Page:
In the news: World Malaria Day

Small girl in white dress and sandals drags a blue, rectangular package along the ground.

A young girl drags a packaged bednet, one tool against malaria. Photo: PATH/Gena Morgan.

To mark World Malaria Day yesterday, Dr. David Kaslow, director of the PATH Malaria Vaccine Initiative, posed an optimistic question: what’s the role of malaria vaccines in the ongoing effort to eliminate the disease? Optimistic, because until recently, the answer was depressingly simple: none. Now, David argues in an article for The Guardian’s malaria and infectious diseases hub, malaria vaccines have progressed far enough that we should consider their future place among other tools to end malaria. Here’s a link to his thoughts, and other items in a week packed with global health news.

Malaria vaccine development: no longer a pipe dream?

The Guardian, April 24, 2013

Saturday, last week, marked the beginning of World Immunization Week, and Thursday is World Malaria Day. It seems a fitting time to consider these two occasions by posing a seemingly simple, but in fact quite complex, question: what is the role for malaria vaccines in the ongoing effort to turn the tide against malaria, an ancient scourge, and ultimately to eradicate this wily parasite?

Read the article.

The bird flu has spread beyond China and it’s “one of the most lethal” ever

The Atlantic, April 24, 2013

The new strain of bird flu infecting and killing people in China is on the move. All of the reported cases had been contained to a relative few hotspots, but the first reported case of a human infection outside mainland China arrived Wednesday, and that’s got the world’s top scientists pretty worried about this H7N9 strain—even if it’s not being transmitted from person to person.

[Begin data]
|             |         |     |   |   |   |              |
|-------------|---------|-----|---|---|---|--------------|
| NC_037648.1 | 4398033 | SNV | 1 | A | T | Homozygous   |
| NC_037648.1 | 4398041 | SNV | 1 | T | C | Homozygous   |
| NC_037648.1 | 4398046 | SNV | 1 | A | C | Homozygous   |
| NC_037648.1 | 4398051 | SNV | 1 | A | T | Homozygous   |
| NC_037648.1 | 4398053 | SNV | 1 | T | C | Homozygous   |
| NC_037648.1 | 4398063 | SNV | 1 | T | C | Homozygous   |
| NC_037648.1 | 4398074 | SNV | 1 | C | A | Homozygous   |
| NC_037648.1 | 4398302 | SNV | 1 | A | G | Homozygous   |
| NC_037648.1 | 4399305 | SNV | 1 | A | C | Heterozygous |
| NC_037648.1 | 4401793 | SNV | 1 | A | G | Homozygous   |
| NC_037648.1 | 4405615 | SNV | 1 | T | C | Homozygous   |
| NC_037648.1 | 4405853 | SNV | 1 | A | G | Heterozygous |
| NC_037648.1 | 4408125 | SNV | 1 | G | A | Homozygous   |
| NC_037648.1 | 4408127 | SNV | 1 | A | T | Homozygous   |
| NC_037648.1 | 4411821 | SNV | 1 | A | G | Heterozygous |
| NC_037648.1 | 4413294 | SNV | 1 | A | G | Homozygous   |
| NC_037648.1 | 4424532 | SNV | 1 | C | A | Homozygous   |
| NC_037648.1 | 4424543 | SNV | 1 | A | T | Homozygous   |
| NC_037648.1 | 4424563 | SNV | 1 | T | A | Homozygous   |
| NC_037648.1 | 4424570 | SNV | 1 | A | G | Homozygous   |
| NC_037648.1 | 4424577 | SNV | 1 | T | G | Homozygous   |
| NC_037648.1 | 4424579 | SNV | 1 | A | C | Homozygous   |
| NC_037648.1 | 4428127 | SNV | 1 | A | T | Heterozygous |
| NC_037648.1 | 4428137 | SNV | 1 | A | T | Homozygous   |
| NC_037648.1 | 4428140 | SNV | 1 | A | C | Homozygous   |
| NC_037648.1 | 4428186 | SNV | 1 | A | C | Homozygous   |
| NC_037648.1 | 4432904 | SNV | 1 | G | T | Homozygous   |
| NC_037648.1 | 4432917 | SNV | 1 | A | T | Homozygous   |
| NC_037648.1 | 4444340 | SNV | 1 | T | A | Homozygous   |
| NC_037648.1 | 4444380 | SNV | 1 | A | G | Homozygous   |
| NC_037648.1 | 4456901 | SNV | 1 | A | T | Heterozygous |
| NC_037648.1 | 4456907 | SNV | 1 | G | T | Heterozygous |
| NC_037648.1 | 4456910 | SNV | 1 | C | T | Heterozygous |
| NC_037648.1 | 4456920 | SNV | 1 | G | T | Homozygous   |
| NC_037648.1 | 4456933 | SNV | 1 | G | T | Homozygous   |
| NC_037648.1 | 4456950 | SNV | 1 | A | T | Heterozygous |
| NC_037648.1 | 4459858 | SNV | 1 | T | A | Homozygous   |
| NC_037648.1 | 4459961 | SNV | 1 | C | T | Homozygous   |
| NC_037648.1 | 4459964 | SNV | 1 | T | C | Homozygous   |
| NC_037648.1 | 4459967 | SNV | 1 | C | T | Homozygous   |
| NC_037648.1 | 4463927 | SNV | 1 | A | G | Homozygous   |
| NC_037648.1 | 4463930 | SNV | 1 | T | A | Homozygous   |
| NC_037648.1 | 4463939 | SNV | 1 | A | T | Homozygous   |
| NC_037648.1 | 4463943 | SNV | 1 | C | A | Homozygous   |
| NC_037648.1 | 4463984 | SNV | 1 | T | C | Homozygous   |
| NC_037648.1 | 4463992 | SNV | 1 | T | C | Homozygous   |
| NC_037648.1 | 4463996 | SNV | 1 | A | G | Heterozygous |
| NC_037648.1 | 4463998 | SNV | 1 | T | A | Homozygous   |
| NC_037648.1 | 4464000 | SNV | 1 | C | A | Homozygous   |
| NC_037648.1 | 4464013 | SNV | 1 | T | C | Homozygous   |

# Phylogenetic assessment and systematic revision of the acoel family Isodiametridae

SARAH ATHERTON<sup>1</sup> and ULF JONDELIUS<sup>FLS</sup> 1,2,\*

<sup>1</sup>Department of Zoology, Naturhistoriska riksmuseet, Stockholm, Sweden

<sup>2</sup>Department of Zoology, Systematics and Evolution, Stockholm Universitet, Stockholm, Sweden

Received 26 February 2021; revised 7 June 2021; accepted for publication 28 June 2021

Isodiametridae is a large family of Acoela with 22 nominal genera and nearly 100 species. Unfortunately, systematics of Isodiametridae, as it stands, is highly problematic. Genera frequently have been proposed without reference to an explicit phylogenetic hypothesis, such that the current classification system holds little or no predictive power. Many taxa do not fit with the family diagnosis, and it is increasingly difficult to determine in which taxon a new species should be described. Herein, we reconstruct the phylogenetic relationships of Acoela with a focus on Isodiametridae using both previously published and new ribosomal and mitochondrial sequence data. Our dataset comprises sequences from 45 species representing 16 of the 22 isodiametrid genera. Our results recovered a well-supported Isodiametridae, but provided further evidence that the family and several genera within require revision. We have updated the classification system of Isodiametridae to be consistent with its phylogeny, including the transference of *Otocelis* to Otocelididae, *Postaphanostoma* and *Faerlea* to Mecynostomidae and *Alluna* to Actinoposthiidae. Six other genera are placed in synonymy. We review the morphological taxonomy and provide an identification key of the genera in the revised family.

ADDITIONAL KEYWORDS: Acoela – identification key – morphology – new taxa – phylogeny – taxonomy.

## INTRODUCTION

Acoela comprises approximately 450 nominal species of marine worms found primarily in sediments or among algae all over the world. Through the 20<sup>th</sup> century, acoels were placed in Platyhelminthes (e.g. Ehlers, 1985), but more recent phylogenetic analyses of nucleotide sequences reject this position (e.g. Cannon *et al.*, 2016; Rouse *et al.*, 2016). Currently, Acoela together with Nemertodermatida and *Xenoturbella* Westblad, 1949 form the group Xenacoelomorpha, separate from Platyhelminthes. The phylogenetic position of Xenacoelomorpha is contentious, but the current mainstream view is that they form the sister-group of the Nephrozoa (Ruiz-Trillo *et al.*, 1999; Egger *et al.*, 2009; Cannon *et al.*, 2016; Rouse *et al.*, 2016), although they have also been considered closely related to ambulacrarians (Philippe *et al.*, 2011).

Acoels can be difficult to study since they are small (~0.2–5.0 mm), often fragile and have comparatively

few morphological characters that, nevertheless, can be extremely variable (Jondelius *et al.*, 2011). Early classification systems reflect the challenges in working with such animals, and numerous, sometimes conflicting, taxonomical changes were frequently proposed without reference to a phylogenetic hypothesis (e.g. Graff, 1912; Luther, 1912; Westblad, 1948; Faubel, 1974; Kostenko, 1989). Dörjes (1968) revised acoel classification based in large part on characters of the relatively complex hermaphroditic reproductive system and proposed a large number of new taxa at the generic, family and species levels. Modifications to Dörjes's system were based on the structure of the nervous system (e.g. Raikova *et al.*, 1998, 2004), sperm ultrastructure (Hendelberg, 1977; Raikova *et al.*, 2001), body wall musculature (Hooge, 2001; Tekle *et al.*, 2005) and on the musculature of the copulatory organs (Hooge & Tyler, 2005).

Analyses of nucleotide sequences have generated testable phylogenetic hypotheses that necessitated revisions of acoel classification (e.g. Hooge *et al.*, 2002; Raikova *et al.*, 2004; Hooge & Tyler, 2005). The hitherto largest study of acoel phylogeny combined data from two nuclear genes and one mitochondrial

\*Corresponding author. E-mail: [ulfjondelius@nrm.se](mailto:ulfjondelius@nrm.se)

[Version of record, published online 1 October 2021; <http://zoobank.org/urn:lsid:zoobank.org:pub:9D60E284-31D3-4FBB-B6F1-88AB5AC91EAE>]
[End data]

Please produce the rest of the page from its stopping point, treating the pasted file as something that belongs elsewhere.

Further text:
Read the article.

US budget negotiations threaten global health spending

GlobalPost, April 24, 2013

Many in Congress compare the budget process to balancing one’s checkbook at home. Now, as Congress braces for an historic struggle over the Obama administration’s proposed budget for fiscal year 2014, one of the biggest potential impacts of sought-after cuts will not be at home, but abroad, as millions of the world’s poorest people, especially children, could feel the pain of America’s belt-tightening.

Read the article.

Another scourge in his sights

The New York Times, April 22, 2013

In his home office, Dr. Donald R. Hopkins has statues of the Hindu smallpox goddess and the Yoruba smallpox god. And, floating coiled up in a glass jar, something that looks like a yard-long strand of capellini but is actually one of the last Guinea worms on earth. Smallpox is gone, and Dr. Hopkins played an important role in its death. Guinea worm disease—formally known as dracunculiasis, or “affliction with little dragons”—is down to fewer than 600 cases worldwide, from 3.5 million in 1986, when Dr. Hopkins began leading the drive to eradicate it.

Read the article.

The geography of maternal and newborn health: hard-wiring equity through mapping, analysis, and data visualization

Huffington Post, April 18, 2013

When Arianna Huffington first launched Global Motherhood, she spoke of the loss of her first baby five months into her pregnancy and her terror that the same might happen in her second pregnancy. Christy Turlington has likewise shared her personal experience of postpartum hemorrhage and that of her great grandmother in El Salvador. The three personal events demonstrate the reality that your geographical location, your access to midwifery and obstetric care and who is available if there is a complication is all too often a determinant of whether a woman and her newborn will live or die. This is the geography of maternal and newborn health that continues to blight the lives of millions of women.

Read the article.

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Posted in Influenza, Malaria, Maternal and child health | Permalink

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